• A Genius GPen. Pretty nice tool. And I use it in GIMP editor or Inkscape, depending on what I’m doing.

            Raster is the basic Paint style. Works by editing each pixel. Vector uses lines; the computer remembers the lines as points on a grid, then draws the lines between the points every time it opens the picture. You should check out Inkscape. It’s a vector graphics program and seriously cool. 😉

          • I will check out Inkscape, thanks! 😀 The only one I have now is photoshop. Would photoshop be a vector or a raster graphics program?

          • I use it in conjunction with GIMP for all my book art. 😉 If I remember correctly, it’s primarily raster, though it may have some vector functionality.

          • Is GIMP free too?

          • It sure is. From what I’ve heard, it’s a match for Photoshop, too. (never used Photoshop, so I can’t confirm that)

          • Oo, I might really like that then!

          • Yeah, it’s really handy. Plus, being free makes it pretty cool, too. XD

  2. I think you have two arguments here running simultaneously – and slightly confounding each other. The first is the need for quality artwork. The second is the need for ANY artwork.

    Books need a cover, that’s something you can’t avoid ever since some genius a century or two ago realized they could help a book’s publicity. So yeah, the avoiding “stock” material is to your advantage there. You need to stand out from others who are going that route. But web/blog publishing – you don’t NEED a cover/art now. By getting some, you do stand out from others who are only using the wall of text route, but ANY graphic can help you do that.

    The statistics you have here compare “no graphic” to a “high quality crafted image” (it is a really good one, by the way). I feel like there’s a middle ground in there, where there is a graphic but it’s a basic coloured banner, or stock photo of a girl… and I wonder, would that improve things, but not to the same degree?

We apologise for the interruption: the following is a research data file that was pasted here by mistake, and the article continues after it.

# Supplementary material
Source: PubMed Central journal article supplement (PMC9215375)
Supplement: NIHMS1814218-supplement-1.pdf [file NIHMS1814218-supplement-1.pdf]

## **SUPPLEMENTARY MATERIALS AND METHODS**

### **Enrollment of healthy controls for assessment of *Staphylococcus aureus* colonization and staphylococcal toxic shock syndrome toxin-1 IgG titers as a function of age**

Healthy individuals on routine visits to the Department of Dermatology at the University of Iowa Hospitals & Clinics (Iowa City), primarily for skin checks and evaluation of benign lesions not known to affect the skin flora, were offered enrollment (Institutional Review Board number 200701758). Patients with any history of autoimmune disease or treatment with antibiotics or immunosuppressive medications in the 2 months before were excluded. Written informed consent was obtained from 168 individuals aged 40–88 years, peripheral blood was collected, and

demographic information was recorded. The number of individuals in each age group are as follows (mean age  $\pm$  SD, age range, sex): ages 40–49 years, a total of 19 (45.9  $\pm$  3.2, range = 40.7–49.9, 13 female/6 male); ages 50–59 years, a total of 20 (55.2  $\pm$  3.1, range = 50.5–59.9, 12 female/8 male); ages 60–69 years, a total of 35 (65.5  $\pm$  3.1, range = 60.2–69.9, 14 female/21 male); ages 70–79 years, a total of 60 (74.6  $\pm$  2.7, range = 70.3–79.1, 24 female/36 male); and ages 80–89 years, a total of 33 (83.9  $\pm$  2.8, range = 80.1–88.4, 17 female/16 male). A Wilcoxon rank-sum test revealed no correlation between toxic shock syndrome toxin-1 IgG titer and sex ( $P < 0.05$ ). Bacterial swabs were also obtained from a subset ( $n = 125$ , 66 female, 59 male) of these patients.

So, I’m not disagreeing, but I think there might be more going on when we’re talking publishing a novel versus publishing a web serial. Or, y’know, not – sketches certainly don’t seem to have helped me any, maybe it’s because I’m no professional. ^_^

    • Good points there!

      About them being conflicting arguments, I think of this subject much the same way as having a car to get to work. You need a car, any car, doesn’t matter what car… but it’s implied that the car has to run. If it doesn’t, it causes you more trouble than no car at all. The same goes for the artwork, if that makes sense.

      For the book cover, I wish the results agreed with that (art is expensive!) but the blog posts in which I have artwork/pictures is always measurably better than the ones that are text-only. As you say, there should be a middle ground for art-quality and most likely is, but on a limited budget, high quality stuff actually saves me money. 😉 The better the quality is, the more places I can use it. The “Twicebound” image is usable for social media, webpage buttons, bookmarks, etc. It’s even good enough to use as the chapter headers in the print version of the story, since I plan to have it printed up when I finish the story! If I’d had mid-quality art made, I’d need to have multiple pieces done for different uses.

      Of course, if I were keeping my work on the website only, I’d be doing exactly what you’re saying. I’d like to see how the middle ground would affect website traffic, though. I hadn’t really considered that, since I’d already decided the high-quality stuff.